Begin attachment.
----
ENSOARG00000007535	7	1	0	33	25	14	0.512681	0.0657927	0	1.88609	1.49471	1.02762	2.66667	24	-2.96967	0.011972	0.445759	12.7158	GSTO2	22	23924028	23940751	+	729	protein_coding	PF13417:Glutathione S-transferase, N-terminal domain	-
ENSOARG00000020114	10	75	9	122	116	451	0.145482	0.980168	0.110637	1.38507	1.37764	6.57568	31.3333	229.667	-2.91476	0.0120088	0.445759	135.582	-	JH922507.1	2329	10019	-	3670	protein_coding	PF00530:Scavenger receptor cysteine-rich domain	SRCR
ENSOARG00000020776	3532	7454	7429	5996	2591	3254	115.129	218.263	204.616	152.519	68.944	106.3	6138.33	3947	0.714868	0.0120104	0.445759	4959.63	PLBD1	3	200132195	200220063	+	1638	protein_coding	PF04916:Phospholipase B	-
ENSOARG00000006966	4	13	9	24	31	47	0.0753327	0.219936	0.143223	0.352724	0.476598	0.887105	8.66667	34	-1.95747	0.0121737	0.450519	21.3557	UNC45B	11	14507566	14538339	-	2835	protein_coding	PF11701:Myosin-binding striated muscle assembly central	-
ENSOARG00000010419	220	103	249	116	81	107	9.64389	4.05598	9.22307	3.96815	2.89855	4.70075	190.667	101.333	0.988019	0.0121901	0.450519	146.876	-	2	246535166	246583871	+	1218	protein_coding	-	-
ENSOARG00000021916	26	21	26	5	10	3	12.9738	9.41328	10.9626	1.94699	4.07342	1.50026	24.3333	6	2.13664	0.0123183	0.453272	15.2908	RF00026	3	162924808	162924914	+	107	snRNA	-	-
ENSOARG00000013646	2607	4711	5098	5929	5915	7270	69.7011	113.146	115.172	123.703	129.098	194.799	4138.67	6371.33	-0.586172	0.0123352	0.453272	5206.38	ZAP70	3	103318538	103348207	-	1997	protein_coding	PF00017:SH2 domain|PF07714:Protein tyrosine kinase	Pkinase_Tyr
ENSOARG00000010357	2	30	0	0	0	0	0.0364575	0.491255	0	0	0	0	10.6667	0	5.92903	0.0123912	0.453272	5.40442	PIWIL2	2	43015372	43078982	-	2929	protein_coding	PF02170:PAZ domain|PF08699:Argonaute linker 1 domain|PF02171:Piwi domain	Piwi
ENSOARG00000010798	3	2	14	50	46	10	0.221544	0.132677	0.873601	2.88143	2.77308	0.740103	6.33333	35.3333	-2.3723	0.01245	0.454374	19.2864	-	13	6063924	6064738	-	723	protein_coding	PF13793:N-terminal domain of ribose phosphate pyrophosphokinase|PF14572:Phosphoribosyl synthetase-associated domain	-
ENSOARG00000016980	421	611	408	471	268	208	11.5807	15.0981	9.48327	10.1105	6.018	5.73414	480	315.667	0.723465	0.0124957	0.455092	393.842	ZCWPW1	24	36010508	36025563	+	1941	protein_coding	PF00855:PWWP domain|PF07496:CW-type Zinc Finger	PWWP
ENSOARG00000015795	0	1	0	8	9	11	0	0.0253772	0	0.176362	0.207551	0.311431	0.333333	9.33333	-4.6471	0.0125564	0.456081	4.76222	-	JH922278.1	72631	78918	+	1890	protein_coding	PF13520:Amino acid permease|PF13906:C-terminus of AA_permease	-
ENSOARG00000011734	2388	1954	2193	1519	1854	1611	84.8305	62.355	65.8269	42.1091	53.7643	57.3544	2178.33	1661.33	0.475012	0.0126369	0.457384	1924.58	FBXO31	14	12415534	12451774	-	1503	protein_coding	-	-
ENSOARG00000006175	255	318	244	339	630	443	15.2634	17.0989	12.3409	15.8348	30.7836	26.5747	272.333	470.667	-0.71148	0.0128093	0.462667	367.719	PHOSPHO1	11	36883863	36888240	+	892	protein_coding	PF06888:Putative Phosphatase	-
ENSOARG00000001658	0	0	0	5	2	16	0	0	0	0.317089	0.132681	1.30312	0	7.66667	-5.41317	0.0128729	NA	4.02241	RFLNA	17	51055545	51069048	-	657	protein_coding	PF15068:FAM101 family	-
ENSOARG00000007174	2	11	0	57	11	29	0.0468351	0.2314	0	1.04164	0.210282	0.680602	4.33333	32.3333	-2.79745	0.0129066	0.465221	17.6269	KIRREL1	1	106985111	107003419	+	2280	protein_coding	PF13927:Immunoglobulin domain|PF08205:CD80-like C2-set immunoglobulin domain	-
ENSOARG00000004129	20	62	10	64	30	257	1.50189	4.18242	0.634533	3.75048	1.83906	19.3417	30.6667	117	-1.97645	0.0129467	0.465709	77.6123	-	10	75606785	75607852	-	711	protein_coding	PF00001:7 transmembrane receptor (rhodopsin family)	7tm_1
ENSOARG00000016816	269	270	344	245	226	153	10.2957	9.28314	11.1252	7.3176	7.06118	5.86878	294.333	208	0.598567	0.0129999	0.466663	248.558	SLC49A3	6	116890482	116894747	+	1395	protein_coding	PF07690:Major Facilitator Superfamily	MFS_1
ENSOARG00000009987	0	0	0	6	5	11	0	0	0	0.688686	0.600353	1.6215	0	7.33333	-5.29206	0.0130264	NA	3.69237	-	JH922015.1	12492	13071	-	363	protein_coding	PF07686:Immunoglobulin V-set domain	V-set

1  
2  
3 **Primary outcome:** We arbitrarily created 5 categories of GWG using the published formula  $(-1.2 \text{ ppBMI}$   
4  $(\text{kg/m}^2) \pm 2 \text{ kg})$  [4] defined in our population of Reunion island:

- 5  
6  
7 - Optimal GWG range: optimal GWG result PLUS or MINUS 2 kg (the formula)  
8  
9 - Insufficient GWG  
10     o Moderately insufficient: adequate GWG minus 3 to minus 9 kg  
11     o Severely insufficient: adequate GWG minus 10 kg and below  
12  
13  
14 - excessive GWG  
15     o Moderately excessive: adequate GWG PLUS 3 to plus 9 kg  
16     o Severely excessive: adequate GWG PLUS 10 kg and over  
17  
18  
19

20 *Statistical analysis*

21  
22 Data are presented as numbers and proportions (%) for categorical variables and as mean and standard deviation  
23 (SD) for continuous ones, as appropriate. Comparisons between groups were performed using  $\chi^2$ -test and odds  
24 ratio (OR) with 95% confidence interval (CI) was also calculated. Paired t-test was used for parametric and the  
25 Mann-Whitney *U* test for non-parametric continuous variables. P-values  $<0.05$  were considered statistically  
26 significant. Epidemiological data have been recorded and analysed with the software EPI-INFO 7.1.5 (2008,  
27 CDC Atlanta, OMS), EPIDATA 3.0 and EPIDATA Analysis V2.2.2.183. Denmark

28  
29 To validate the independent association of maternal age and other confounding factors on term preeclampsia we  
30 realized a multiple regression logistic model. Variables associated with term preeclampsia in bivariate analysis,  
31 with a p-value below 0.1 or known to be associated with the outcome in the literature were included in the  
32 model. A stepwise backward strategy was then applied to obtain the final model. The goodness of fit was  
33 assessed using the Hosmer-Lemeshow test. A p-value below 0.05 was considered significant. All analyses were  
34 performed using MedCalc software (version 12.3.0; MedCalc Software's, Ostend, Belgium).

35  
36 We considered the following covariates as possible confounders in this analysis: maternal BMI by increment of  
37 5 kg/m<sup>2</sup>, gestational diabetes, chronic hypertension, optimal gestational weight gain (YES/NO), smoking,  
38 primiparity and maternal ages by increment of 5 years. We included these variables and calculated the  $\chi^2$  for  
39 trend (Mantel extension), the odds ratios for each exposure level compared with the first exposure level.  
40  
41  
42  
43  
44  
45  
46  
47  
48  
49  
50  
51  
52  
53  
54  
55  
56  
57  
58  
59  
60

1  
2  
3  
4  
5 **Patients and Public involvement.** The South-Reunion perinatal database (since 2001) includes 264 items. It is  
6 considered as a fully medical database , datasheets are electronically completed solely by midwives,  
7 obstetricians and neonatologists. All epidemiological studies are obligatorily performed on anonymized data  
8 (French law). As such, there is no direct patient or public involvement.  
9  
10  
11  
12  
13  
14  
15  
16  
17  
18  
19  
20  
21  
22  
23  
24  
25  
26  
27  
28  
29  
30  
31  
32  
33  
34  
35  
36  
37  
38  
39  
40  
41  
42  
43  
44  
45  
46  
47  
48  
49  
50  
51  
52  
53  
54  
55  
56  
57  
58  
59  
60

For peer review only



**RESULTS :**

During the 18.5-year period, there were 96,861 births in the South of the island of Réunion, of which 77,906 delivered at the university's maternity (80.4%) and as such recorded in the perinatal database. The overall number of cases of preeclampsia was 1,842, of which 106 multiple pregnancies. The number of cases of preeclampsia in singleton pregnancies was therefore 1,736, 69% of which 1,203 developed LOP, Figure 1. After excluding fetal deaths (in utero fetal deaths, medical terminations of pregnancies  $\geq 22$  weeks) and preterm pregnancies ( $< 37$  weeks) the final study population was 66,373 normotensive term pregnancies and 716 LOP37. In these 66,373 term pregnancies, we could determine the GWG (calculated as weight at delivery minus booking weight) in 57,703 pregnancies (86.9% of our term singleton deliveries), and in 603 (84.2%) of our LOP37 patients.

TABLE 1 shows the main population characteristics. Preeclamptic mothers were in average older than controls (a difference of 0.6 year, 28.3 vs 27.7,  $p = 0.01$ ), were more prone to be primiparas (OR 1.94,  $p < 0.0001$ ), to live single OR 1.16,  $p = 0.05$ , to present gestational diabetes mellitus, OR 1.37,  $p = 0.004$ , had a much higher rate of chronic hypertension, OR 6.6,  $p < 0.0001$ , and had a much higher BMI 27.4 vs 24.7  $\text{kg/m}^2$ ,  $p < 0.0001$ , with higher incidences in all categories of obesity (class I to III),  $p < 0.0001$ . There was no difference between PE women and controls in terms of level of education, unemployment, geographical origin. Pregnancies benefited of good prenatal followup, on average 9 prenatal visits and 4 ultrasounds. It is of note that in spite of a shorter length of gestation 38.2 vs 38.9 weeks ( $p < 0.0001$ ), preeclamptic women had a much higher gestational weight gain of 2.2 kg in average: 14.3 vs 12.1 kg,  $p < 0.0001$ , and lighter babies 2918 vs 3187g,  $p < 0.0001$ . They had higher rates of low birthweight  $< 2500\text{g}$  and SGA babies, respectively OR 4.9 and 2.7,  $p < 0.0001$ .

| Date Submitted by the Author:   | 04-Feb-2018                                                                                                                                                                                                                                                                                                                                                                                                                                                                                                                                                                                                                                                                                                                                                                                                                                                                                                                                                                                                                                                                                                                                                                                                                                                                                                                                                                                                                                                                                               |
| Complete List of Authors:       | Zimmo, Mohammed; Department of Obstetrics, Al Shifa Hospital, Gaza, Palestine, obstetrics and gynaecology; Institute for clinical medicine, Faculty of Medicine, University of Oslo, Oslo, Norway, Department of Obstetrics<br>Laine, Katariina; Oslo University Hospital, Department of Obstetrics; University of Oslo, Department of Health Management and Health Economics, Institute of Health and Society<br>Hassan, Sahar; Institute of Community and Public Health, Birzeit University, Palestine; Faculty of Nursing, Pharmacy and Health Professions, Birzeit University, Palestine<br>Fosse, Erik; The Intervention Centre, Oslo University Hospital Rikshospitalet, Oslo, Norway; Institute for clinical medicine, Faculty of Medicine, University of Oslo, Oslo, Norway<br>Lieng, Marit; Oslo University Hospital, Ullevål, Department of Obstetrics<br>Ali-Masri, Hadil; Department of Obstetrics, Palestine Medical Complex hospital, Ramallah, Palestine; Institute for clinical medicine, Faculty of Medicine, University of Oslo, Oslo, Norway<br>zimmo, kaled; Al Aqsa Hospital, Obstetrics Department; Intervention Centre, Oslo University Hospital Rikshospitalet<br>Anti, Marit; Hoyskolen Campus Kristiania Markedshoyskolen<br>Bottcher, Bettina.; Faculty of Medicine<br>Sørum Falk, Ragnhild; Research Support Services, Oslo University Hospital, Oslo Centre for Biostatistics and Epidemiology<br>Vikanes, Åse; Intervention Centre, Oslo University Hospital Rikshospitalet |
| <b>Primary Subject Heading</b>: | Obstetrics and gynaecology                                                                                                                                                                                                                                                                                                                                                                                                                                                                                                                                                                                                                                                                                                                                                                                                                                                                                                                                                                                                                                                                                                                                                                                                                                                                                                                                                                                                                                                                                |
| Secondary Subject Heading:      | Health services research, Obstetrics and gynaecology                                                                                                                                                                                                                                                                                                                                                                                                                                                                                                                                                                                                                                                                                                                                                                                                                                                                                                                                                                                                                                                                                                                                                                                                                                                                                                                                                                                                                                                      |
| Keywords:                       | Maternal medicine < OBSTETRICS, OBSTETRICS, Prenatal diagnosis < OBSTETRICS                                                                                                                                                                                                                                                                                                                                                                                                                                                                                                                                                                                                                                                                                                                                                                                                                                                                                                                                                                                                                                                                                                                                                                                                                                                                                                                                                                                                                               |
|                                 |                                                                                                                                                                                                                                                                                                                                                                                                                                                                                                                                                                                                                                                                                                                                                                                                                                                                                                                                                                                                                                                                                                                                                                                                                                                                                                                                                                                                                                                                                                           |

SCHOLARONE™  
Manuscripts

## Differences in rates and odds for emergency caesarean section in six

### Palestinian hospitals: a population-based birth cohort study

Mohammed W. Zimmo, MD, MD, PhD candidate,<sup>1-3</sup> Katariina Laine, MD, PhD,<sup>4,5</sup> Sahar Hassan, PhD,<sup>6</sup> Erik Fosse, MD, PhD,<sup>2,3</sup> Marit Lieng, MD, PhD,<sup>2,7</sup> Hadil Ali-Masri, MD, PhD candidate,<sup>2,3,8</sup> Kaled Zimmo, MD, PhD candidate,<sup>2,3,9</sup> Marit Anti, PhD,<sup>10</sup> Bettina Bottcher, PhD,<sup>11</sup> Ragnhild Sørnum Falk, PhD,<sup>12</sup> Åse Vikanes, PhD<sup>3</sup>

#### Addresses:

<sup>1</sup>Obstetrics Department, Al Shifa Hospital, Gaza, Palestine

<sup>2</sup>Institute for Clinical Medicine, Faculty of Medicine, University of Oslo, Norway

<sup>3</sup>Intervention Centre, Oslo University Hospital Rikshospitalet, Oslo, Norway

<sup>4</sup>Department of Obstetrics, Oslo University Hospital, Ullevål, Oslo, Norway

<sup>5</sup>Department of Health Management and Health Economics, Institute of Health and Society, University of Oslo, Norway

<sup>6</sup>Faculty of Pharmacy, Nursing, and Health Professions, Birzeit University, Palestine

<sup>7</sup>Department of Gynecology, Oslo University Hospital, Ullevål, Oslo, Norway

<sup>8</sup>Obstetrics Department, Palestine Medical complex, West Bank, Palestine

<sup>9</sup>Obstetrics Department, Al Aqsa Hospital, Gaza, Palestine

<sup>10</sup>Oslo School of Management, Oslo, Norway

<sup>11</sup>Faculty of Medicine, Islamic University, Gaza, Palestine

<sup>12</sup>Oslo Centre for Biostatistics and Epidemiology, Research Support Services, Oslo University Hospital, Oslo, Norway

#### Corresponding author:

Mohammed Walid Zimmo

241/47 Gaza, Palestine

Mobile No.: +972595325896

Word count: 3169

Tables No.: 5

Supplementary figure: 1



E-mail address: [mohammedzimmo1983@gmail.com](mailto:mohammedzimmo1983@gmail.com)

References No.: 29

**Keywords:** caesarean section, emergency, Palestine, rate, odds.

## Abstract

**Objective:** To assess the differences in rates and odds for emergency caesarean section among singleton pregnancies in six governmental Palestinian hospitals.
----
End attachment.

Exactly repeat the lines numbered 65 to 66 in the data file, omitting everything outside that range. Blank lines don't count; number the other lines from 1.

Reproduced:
47  
48  